Profitable growth is another important way well be adding connectivity to our hubs: For example, every flight we add at ORD results in up to 80 additional possible connections. Another way to add connectivity is to realign the banks of flights. We'll be realigning banks at several of our hubs, including ORD, IAH and EWR, to maximize the total number of connecting flights for our customers.

Competing and winning in our hubs

We also need to compete and win in our hubs by offering local business travelers the customer experience and convenient flight times that will make them loyal to United. This includes upgauging our flights in highly competitive business markets, like between one of our hubs and that of one of our competitors.

A decade ago, from EWR to ATL (Atlanta), we flew eight flights a day on Boeing 737s. Delta (DL) flew 11 flights a day on mainline equipment. ATL is a bigger hub with more connectivity, so its 11 flights versus our eight made sense, but we still had a competitive business schedule for customers that lived in EWR, and when our frequent flyers in EWR wanted to go to ATL, they chose us. By 2013, we were flying six regional jets a day. Guess what happened then? Many of our EWR customers switched to DL, because they didn't want to fly on regional jets and we didn't have the frequency to support their business needs. That didn't just happen in the EWR to ATL market, it also happened in markets from EWR to DTW (Detroit), MSP (Minneapolis), DFW (Dallas/Fort Worth), CLT (Charlotte, North Carolina), etc., and across the board in many of our competitive hub-to-hub markets.

We are going to fix that. By this summer, we'll return to flying eight mainline EWR-ATL flights each weekday at times that are convenient for business travelers. Additionally, summer over summer, we have increased frequencies between ORD and PHX (Phoenix) by three flights and between ORD and MIA (Miami) by two flights. This is something we need to do across the system in competitive markets. It's not going to happen overnight, but this is the path to our future success.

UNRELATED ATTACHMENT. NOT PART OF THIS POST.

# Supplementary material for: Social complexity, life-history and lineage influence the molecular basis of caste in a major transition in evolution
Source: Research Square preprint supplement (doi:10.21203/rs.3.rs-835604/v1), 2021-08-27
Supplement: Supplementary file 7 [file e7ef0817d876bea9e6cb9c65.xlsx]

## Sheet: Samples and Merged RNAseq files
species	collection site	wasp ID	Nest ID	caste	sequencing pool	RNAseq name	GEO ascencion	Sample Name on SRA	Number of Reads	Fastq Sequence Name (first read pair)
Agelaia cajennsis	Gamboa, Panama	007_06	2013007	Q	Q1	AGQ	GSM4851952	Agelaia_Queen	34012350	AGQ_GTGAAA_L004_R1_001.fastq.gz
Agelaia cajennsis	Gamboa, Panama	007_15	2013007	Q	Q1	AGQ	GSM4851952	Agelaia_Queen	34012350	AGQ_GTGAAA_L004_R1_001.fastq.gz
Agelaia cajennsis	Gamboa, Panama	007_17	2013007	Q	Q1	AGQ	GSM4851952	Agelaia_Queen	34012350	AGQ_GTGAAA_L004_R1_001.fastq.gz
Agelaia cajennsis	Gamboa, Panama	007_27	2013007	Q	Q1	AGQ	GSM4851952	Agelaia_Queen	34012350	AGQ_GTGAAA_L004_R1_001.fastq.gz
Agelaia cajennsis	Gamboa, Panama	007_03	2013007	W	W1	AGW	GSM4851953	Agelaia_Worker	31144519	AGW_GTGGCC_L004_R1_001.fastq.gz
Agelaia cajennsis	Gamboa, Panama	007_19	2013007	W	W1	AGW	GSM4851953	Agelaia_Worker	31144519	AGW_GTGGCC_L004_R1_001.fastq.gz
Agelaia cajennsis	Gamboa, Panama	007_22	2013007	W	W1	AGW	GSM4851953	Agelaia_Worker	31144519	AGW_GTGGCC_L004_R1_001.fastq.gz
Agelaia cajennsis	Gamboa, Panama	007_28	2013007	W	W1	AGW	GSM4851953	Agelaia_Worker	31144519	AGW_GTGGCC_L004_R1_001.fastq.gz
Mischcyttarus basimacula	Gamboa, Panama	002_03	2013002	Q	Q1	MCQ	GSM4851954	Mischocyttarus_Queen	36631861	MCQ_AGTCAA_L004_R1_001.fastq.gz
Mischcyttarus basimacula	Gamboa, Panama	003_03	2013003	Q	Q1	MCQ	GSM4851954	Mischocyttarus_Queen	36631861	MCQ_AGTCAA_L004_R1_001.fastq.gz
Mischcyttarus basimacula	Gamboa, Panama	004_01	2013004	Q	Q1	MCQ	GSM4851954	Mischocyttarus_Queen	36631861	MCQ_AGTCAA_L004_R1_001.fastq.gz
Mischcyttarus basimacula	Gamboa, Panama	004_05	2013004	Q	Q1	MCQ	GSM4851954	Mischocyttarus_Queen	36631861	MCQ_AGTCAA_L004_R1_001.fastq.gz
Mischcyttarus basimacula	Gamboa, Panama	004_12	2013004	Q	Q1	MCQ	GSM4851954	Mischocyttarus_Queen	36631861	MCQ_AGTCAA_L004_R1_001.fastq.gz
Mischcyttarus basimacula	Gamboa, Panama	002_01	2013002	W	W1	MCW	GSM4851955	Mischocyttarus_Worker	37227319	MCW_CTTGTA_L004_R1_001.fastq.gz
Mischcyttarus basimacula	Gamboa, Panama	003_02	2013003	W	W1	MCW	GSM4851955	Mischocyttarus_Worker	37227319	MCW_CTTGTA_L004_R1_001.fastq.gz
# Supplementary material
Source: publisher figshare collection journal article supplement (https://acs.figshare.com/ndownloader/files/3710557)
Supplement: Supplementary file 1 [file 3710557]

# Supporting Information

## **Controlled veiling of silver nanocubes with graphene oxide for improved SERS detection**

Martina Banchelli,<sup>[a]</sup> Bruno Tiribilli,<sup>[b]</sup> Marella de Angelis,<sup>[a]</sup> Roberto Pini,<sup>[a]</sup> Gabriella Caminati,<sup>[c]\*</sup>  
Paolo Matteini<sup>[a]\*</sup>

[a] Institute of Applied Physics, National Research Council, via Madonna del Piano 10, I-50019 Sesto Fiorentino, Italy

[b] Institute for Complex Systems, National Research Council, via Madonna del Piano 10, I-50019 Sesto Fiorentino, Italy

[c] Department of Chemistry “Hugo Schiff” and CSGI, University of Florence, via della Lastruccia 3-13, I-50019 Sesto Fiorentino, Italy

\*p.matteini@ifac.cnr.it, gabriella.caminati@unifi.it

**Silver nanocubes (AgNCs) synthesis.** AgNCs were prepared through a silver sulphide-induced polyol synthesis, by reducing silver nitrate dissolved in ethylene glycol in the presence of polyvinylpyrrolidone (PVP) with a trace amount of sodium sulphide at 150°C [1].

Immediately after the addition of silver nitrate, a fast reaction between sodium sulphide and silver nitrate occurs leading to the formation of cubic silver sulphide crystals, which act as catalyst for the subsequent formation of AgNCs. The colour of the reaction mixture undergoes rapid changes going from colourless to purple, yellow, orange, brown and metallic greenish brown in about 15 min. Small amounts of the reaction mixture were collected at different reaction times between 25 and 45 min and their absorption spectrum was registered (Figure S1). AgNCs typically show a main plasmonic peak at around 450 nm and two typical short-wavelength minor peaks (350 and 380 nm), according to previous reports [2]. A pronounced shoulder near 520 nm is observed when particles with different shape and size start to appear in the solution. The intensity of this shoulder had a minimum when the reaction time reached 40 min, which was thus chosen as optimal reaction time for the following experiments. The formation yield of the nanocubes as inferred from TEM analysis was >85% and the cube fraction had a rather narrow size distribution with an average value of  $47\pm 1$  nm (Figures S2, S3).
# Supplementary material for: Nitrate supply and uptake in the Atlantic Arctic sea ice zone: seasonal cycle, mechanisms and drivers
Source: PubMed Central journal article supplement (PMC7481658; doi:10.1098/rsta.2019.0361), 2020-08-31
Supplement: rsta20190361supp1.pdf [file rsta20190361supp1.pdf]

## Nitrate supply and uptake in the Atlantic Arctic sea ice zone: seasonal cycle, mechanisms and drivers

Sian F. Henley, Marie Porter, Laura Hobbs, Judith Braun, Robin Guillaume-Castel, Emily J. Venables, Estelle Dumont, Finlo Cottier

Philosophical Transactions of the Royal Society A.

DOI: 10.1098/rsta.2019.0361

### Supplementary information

Using regional feed to support mainline growth

At the same time, regional jets play an incredibly important supporting role in our network, because they help us serve small destinations profitably and feed traffic we wouldn't otherwise have into our hubs. The key is using them in the right markets. For example, a regional route from ORD to Rochester, Minnesota (RST) isn't a big enough market to support a mainline aircraft, but our ability to serve that small city with the right size airplane allows us to feed thousands of additional passengers through ORD and beyond.

Regionals are critical to growing connectivity at our hubs, feeding more traffic to the mainline and using that to grow the mainline. Since our regional partners are flying with the United brand painted on the airplane, we have to hold them to the same high standards of reliability and customer service that we hold ourselves to at the mainline. Our current regional partners provide great, seamless service and reliability in feeding today's network. But we have to use them in the right markets, not places like EWR-ATL.

To ensure we have the regional lift to deliver the increase in connecting traffic we need, we are partnering with former United Express carrier, Air Wisconsin (ZW). We expect that ZW will start flying early next year and have approximately 50 regional jets for us by next summer, with the expectation of adding 15 more in the future. They currently fly these aircraft for AA, so this is a great addition for us in two ways: We get to add these additional aircraft feeding small-city traffic into our hubs, and AA loses lift that used to be feeding its hubs. We plan to use these aircraft in the right kind of markets - meaning we'll be adding more small cities - such as RST and COU (Columbia, Missouri) - that can feed additional profitable traffic into our hubs that in turn will help us grow the mainline.

It's important to note that we are not growing our fleet of 50-seat aircraft, but as other partners have upgauged some of our 50 seat aircraft to 70- and 76-seat aircraft, our new partnership with ZW will enable us to maintain a consistent level of flying across our domestic network as we also upgauge and grow the mainline.

What's next?

While United has spent several years shrinking and being a docile competitor, starting this summer, were going back on offense! We are going to compete and win across the board in our hubs. That game plan kicked off with a number of new domestic and international flights that went on sale Saturday for flying beginning this summer. In total, weve added service to 31 destinations across the U.S. and Europe, including the addition of four all-new destinations: CMI (Champaign, Illinois), COU, RST and STS.
Here's a map of the additional flying we're announcing for this summer:

Map displaying additional flight announcements for
this summer

And here's a breakdown by hub, including the fleet types we're using for each of these new routes:


New
Destinations
New
Markets
Seasonal
Extensions
Frequency
Additions
DEN
COU 1X CRJ
SBP 1X E75
KOA 1X 752
ABQ #5 E70
FLL #2 738
MCO #4 320
TPA #2 739
EWR

SMF 1X 319
SLC 1X 738
ATL #7,8 738
DTW #7 E75
PDX #2 320
IAD